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What is a Spin?

A spin is a dangerous combination of a stall and yaw. Spins occur when a stalled aircraft experiences too great a yaw rate, which can be the result of an incorrect rudder input or a pre-existing yawing moment as would occur if an airplane is stalled while performing an uncoordinated turn. During the ensuing spin, an aircraft rapidly loses altitude as it rotates about its spin axis, driven by an asymmetric stall condition between the two wings. The pilot often loses the ability to control the aircraft because of disorientation or loss of control authority, making spins dangerous and harrowing. During a spin, the aircraft experiences low airspeed and a high angle of attack. It is worth noting that this is different from a spiral dive in which an aircraft experiences high airspeed and a low angle of attack, and during which more control authority is preserved. Some spins are recoverable by experienced pilots, but this requires high situational awareness, proper training, and often more than 1000 feet of altitude. Other spins are unrecoverable, even by the most experienced pilot.

Stalls/spins are a significant source of serious accidents in General Aviation accounting for 41% of fatal accidents that occurred because of “pilot-related factors,” according to the Aircraft Owners and Pilots Association (AOPA) Air Safety Institute’s 2010 Nall Report. Pilot-related factors are responsible for 70% of all accidents, with the remainder being mechanical, unknown, or undetermined in cause. Stall/spin accidents are particularly dangerous because they usually occur at low altitude and low airspeeds, such as in the traffic pattern during maneuvering when the pilot’s attention is diverted from maintaining sufficient airspeed by other tasks. In fact, 80% of stall/spin accidents occur at 1000 feet AGL (above ground level) or below. Surprisingly, the highest portion of stall/spin accidents happened to private and commercial pilots and not to students, likely because of students’ close supervision and the fact that more experienced pilots may have grown complacent in their skills.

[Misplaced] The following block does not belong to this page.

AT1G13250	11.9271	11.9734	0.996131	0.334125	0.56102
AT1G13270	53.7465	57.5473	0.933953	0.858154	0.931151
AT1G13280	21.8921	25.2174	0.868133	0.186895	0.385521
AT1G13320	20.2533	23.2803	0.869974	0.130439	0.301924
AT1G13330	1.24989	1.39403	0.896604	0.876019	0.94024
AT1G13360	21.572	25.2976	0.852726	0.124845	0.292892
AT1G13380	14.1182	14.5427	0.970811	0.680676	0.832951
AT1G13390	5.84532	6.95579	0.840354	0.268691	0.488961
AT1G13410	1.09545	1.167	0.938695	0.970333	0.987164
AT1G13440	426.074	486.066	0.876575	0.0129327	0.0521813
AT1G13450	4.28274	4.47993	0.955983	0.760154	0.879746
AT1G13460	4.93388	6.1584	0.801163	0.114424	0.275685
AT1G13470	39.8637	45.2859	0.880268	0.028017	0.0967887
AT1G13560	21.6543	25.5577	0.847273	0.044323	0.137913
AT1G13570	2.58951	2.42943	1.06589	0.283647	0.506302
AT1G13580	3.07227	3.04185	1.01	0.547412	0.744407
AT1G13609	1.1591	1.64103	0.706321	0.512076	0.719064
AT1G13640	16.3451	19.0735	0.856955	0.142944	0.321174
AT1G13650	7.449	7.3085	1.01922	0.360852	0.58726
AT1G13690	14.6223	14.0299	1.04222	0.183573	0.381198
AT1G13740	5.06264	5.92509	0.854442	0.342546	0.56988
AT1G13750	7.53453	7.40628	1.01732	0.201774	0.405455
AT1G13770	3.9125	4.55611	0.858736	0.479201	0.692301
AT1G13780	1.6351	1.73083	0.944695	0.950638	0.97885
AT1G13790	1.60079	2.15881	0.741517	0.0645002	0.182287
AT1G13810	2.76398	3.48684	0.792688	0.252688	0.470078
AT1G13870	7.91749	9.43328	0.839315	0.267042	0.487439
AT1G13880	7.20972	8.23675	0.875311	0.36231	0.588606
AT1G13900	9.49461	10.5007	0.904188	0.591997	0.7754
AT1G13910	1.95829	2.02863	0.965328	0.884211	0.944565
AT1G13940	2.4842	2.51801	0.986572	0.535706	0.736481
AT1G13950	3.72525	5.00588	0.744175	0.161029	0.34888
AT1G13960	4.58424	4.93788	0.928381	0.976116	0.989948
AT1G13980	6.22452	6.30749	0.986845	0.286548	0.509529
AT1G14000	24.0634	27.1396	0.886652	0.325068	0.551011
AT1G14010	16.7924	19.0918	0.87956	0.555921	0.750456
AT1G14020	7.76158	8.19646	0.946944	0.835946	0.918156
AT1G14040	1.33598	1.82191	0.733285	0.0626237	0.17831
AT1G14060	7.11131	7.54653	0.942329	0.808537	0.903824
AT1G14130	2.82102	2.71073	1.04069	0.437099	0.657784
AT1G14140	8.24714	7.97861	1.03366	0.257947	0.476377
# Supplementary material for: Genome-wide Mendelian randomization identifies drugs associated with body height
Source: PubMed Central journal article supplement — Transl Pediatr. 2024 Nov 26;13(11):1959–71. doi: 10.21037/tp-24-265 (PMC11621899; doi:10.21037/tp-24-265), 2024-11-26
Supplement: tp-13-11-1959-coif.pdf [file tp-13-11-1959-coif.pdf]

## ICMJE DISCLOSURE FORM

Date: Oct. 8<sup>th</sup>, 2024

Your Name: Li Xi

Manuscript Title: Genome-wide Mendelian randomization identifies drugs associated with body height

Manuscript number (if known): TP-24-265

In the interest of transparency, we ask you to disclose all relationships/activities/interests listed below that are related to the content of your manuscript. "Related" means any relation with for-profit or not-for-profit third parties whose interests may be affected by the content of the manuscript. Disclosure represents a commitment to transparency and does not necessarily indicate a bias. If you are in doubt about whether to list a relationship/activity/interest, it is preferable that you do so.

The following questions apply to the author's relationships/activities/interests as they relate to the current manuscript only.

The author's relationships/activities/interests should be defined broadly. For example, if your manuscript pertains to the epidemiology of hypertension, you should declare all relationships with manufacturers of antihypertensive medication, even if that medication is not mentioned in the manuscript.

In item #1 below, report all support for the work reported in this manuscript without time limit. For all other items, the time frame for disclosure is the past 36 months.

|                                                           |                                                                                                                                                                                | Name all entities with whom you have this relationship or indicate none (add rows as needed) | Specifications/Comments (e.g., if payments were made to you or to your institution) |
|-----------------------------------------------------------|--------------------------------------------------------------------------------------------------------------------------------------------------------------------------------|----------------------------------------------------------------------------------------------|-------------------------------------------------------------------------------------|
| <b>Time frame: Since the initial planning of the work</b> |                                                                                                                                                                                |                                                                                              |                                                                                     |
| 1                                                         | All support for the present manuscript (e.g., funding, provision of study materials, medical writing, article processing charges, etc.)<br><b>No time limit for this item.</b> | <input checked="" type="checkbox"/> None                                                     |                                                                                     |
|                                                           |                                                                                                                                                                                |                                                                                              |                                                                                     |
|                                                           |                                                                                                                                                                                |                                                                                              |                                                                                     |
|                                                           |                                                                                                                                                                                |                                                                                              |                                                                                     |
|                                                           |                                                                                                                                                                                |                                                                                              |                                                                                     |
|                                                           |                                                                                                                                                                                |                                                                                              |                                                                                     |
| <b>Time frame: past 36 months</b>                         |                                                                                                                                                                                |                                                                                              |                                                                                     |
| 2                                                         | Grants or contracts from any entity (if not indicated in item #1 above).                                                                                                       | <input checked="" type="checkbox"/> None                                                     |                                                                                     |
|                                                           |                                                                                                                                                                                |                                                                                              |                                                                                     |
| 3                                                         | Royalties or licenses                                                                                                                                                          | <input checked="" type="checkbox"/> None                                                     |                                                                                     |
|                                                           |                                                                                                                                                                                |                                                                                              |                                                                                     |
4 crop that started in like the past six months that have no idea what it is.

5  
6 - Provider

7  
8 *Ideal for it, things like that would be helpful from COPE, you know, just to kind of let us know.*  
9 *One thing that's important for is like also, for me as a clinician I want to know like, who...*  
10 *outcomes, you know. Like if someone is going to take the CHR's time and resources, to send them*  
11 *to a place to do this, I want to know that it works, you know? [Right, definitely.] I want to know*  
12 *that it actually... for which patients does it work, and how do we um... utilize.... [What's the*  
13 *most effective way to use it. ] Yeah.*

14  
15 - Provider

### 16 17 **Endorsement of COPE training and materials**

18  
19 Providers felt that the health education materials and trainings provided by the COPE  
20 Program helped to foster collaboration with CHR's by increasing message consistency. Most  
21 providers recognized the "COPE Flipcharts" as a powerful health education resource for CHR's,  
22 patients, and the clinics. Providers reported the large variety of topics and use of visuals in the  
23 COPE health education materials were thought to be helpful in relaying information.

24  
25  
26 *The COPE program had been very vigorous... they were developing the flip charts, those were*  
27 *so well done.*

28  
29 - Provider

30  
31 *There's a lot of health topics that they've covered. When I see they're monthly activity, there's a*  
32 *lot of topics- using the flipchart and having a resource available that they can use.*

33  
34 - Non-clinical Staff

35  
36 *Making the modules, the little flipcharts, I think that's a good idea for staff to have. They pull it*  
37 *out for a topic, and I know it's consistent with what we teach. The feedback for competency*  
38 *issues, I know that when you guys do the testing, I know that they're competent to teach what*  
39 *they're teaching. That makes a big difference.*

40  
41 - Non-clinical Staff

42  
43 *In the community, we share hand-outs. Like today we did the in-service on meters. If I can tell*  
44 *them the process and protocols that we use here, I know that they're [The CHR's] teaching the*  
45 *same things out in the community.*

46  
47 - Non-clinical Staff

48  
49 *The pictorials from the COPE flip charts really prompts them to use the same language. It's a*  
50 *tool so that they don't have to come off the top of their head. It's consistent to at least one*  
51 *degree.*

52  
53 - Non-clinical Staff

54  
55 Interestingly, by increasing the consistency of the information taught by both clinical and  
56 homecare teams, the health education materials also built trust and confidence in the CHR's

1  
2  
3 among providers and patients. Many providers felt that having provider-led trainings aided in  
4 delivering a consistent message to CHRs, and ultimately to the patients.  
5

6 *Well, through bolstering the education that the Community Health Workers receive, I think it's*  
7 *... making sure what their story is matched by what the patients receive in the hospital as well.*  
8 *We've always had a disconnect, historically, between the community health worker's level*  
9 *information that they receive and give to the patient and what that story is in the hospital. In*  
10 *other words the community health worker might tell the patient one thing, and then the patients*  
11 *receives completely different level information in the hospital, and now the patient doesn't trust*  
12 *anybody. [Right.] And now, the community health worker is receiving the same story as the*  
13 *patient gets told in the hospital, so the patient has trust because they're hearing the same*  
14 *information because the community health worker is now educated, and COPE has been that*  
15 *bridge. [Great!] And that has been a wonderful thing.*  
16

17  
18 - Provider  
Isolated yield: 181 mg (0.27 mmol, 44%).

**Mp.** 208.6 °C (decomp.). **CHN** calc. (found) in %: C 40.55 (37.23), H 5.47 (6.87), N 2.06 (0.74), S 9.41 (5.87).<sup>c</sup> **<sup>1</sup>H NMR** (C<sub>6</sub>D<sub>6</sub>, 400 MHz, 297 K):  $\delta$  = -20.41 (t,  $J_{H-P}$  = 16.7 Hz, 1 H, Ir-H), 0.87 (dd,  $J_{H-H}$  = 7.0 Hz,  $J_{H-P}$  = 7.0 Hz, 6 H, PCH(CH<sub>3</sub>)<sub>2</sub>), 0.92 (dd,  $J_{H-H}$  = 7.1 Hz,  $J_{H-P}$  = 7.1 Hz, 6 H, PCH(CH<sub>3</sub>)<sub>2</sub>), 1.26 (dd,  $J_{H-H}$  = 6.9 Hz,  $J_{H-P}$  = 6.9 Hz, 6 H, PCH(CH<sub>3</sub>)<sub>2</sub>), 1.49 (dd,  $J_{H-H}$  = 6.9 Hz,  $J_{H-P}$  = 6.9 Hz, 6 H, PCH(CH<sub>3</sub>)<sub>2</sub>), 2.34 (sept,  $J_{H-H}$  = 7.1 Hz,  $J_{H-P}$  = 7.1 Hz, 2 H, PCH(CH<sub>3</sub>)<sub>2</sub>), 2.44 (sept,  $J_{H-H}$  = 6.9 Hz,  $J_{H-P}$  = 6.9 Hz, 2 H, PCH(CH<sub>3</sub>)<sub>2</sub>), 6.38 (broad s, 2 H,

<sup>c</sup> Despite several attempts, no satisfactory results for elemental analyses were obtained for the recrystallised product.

History of Spin Resistance

The earliest attempts to create a spin-resistant aircraft date back to the early days of flight, well before World War II. The ERCO Ercoupe was developed in an attempt to be safer than comparable aircraft by being less susceptible to spins. Through the simple measures of limiting control-surface deflection and center-of-gravity range, the aircraft was certified as “characteristically incapable of spinning” by the Civil Aeronautics Administration (predecessor to today’s FAA). However, to achieve this, the Ercoupe did not have rudder pedals, which prevented the pilot from actively controlling aircraft yaw. An aircraft’s tendency to spin is extremely sensitive to the location of its center of gravity (CG), which is the result of how much weight it is carrying and where the weight is located. The farther back the CG, the less effective the horizontal tail is at providing longitudinal stability and the more likely the plane is to spin.


The ERCO Ercoupe
The ERCO Ercoupe is one of the earliest aircraft with spin-resistant characteristics, which were achieved by limiting the deflection of control surfaces (including the elimination of rudder pedals from the cockpit), as well as the location of its center of gravity. Credit: Smithsonian National Air and Space Museum

In the 1970s and 1980s, researchers at NASA’s Langley Research Center studied spin resistance in depth, with a focus on aerodynamic characteristics and techniques to make aircraft more resistant to spins without highly unconventional approaches like the Ercoupe’s elimination of rudder pedals. They performed extensive modifications to four existing General Aviation aircraft and flew thousands of test flights to determine how changes to the airframe would affect spin characteristics. What they discovered was that small changes could dramatically affect performance during spins. They were able to create an aircraft that “gives plenty of warning, lots of buffet, very little roll-off laterally—a long period of telling the pilot ‘Hey, you’re doing something wrong,’ ” according to NASA experimenters. This work eventually evolved into techniques to make aircraft that are resistant to entering spins.